This book investigates whether an international institution can alter state behaviour and thereby contribute to the peaceful resolution of a conflict.
Kenneth Dombroski focuses on the series of interrelated peacekeeping efforts undertaken to help resolve the Arab-Israeli conflict from 1948-1994. Analyzing these sequential operations over a forty-six year period provides evidence as to the relative importance of institutions in a state-centric international system. He provides an alternative approach to the study of international peacekeeping that evaluates the long-term effects of peacekeeping on state behaviour, and concomitantly, the effects of varying state behaviour on an international regime. This book offers new perspectives on the relative importance of regimes, the utility of regime analysis in explaining the importance of international institutions, the significance of a peacekeeping regime's role in influencing state behaviour, and the impact of varying state behaviour on regime evolution.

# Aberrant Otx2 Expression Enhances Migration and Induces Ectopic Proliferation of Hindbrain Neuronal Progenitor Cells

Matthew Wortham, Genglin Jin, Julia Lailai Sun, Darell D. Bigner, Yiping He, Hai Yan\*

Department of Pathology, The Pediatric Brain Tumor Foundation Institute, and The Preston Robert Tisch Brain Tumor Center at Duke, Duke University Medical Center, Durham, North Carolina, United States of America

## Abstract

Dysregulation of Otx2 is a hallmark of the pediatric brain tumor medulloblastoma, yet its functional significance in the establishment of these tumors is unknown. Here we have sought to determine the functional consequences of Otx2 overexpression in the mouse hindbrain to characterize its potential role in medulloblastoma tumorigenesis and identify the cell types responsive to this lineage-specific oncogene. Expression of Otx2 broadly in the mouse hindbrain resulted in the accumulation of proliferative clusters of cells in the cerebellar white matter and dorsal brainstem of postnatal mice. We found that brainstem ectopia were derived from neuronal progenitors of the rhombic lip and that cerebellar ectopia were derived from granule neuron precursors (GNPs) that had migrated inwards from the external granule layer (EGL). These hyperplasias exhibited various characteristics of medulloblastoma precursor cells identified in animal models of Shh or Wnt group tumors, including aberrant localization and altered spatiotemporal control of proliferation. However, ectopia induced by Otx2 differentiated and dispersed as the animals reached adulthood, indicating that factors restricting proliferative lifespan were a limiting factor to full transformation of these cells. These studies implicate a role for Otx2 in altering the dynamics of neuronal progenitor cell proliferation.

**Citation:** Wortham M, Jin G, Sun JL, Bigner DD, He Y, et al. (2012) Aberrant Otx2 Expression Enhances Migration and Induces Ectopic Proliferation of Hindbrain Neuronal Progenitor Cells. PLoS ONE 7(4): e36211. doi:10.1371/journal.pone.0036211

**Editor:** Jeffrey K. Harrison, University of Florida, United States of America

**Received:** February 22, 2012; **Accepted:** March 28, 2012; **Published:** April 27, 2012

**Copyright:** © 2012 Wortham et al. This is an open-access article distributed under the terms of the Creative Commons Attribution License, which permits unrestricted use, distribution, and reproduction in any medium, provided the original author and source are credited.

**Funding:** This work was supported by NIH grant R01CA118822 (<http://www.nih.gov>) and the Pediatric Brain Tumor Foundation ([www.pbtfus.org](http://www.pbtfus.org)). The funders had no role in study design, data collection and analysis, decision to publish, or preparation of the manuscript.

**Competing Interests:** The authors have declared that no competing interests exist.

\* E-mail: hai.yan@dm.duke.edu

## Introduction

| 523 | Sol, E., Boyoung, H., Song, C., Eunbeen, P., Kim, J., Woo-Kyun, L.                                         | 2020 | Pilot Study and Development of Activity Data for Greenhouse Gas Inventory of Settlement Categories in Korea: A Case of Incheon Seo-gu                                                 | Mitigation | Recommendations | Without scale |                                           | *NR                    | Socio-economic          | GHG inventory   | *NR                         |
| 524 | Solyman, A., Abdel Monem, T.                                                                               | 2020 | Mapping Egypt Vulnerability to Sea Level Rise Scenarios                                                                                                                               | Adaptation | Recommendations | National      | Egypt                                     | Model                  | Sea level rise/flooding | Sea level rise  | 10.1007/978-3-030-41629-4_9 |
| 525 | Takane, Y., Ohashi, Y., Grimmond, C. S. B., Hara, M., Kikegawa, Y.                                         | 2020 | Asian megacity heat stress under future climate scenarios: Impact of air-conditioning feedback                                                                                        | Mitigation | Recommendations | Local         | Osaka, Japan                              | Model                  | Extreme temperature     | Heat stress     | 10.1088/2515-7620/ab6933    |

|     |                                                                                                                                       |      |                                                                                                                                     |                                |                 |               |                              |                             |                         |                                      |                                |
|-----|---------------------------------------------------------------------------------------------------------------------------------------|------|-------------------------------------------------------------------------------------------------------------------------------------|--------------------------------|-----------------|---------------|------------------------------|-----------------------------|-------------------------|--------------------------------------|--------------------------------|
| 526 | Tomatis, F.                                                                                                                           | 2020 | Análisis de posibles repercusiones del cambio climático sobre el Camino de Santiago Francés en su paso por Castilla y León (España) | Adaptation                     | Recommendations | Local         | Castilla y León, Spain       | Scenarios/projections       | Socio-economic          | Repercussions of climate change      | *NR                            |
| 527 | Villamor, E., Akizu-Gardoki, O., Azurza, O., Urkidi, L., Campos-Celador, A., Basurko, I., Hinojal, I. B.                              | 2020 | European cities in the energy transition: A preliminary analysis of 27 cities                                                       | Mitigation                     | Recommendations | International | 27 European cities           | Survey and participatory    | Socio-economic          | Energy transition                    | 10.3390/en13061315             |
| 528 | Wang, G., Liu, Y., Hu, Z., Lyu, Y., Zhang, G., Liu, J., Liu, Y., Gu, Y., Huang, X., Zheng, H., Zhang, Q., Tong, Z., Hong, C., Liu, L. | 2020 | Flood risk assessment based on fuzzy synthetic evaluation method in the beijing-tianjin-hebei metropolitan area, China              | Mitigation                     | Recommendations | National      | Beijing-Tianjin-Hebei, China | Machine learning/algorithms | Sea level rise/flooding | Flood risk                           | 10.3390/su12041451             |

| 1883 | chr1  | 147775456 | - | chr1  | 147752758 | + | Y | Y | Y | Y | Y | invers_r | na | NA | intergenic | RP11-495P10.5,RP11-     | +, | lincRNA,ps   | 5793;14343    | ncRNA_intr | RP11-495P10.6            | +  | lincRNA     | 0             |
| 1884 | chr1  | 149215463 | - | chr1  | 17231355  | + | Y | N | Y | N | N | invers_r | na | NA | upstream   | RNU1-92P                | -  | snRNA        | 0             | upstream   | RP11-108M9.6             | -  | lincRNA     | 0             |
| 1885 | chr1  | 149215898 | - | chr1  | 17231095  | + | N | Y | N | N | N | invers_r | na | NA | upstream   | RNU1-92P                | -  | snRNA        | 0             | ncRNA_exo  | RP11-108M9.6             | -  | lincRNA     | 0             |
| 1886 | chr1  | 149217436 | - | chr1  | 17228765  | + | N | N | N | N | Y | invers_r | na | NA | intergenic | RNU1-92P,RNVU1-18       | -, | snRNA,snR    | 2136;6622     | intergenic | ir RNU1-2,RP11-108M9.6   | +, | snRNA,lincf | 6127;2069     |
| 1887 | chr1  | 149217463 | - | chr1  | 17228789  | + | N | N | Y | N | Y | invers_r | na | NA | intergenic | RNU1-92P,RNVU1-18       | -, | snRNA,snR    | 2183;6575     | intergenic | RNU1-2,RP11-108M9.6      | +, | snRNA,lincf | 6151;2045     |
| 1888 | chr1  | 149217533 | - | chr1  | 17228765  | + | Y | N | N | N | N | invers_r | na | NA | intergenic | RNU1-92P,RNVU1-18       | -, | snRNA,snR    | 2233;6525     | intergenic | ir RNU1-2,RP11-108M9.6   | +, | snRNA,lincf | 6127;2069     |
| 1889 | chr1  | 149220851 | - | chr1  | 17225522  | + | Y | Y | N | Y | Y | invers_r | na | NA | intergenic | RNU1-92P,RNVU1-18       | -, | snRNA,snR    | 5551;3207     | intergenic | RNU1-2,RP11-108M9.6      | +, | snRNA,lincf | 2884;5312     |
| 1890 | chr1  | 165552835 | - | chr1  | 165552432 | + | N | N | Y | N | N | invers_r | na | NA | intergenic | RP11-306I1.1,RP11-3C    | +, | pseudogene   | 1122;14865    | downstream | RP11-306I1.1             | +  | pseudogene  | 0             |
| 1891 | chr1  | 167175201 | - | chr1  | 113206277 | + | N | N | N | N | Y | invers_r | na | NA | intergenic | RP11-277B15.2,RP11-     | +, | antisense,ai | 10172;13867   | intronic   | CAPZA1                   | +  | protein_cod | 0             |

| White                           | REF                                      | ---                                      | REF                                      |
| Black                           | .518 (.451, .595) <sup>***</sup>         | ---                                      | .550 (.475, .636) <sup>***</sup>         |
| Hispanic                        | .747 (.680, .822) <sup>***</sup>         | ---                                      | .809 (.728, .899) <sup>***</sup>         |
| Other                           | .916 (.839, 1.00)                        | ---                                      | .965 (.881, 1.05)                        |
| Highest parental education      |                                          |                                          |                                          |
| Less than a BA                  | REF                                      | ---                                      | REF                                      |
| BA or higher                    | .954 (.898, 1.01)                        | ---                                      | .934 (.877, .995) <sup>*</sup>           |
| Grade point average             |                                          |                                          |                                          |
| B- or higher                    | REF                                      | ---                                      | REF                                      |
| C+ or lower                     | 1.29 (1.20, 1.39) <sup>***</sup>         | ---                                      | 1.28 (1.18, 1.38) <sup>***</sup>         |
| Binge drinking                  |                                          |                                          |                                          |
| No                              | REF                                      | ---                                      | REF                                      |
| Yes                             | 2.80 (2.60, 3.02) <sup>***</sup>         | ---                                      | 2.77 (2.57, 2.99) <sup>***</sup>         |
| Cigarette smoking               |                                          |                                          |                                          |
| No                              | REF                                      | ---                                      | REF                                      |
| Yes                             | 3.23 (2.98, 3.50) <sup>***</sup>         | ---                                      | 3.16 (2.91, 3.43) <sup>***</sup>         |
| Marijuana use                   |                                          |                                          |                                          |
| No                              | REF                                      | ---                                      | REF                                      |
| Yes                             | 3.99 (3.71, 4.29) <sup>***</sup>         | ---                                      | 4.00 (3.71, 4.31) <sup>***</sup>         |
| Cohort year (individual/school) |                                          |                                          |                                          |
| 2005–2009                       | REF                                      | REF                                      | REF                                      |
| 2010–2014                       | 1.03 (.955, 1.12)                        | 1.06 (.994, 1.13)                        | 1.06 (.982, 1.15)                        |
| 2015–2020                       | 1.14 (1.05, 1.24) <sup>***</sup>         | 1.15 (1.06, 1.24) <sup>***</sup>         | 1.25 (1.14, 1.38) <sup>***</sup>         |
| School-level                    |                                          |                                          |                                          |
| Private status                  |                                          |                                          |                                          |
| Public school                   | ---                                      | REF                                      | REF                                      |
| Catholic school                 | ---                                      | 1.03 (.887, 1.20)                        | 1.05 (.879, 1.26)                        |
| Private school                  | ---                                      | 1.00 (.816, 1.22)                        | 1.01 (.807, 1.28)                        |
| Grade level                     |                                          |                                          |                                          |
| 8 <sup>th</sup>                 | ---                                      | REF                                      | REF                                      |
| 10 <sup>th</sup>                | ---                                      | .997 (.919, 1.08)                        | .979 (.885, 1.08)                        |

Table of Contents
Introduction 1. Peacekeeping as an International Regime 2. The Genesis of a Middle East Peacekeeping Regime 3. Establishing the Middle East Peacekeeping Regime 4. The Evolution of the Peacekeeping Regime during the Cold War 5. Peacekeeping in the New World Order, 1988-1994 6. Peacekeeping in the Middle East Reconsidered
Kenneth Dombroski is a lecturer with the Center for Civil-Military Relations at the Naval Postgraduate School in Monterey, California. He served as a United Nations military observer in Lebanon, a strategic intelligence officer during Operation Desert Storm, and a political advisor to the Multinational Force - Iraq in 2005.